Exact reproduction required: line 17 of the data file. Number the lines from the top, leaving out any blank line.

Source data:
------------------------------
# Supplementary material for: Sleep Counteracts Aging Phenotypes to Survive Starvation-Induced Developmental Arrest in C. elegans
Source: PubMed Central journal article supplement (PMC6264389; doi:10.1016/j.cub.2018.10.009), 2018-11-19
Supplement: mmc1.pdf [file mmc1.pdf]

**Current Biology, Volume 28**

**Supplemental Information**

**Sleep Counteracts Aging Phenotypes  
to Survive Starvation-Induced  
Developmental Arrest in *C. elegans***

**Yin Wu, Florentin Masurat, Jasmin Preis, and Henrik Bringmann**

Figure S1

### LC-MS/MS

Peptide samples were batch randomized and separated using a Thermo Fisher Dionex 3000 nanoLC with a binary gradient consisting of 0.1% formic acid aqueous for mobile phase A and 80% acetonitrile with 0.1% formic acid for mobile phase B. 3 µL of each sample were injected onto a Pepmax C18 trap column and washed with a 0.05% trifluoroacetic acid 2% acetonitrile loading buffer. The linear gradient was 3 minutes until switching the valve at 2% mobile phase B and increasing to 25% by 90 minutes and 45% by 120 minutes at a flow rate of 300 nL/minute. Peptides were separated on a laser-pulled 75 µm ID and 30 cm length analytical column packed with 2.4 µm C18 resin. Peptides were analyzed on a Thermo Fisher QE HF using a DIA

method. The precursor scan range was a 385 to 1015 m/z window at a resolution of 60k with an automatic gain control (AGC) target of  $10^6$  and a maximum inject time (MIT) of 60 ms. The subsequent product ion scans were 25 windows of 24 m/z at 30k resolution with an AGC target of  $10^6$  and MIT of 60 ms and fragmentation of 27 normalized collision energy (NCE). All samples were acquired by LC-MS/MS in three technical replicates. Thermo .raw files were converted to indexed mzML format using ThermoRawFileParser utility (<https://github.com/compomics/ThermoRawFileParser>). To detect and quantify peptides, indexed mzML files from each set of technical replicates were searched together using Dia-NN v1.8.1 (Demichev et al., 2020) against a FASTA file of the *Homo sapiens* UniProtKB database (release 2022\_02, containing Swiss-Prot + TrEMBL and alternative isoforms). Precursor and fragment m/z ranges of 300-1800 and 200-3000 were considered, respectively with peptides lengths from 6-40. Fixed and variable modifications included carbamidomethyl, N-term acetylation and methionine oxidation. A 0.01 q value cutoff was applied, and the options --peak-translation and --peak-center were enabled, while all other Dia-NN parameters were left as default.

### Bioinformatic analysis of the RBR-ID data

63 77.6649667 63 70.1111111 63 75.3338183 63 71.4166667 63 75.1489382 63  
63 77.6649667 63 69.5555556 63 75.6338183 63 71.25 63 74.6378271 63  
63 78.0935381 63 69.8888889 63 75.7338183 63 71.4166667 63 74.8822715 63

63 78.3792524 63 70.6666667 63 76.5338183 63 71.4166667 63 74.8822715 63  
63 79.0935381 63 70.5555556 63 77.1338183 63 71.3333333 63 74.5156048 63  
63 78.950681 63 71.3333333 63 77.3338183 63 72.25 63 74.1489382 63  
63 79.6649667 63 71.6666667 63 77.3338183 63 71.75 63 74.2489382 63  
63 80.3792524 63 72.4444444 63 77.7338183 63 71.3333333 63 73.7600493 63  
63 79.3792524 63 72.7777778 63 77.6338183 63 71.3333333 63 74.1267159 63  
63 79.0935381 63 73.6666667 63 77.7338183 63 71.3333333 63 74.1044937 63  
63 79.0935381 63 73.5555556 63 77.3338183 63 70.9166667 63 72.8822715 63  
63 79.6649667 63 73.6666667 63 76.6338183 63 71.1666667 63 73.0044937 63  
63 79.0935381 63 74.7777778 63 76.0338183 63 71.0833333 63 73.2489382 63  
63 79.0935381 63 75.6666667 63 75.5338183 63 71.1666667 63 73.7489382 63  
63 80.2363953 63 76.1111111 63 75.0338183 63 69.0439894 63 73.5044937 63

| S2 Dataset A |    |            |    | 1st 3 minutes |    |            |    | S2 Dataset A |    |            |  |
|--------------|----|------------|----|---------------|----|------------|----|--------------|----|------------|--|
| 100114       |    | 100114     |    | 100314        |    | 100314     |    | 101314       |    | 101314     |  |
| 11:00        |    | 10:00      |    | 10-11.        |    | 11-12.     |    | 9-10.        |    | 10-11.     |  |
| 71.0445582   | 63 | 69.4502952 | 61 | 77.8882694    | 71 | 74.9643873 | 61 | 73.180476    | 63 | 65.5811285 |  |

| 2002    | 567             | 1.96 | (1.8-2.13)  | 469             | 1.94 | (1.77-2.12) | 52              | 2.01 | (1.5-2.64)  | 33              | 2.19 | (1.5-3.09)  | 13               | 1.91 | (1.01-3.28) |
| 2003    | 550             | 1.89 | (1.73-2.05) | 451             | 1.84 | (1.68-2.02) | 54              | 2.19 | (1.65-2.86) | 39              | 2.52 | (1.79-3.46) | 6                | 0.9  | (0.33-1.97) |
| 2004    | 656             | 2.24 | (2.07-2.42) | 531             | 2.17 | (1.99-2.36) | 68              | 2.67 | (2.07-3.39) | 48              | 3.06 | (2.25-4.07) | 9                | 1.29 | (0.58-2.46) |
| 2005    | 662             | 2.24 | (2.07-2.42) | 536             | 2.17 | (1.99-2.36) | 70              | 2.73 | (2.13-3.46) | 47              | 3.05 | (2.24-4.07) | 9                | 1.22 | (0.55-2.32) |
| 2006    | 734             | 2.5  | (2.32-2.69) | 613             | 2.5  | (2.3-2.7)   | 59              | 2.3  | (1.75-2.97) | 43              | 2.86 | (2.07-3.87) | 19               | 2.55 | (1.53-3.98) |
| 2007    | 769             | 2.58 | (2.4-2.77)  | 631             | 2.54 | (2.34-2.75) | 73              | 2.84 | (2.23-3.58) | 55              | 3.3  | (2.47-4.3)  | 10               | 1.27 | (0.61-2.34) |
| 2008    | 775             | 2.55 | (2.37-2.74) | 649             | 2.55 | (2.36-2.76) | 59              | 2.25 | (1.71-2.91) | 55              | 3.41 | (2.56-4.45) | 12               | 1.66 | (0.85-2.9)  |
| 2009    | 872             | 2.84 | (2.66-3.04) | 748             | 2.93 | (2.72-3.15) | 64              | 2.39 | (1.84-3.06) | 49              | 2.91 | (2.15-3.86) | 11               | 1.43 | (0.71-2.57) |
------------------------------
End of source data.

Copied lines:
63 78.0935381 63 69.8888889 63 75.7338183 63 71.4166667 63 74.8822715 63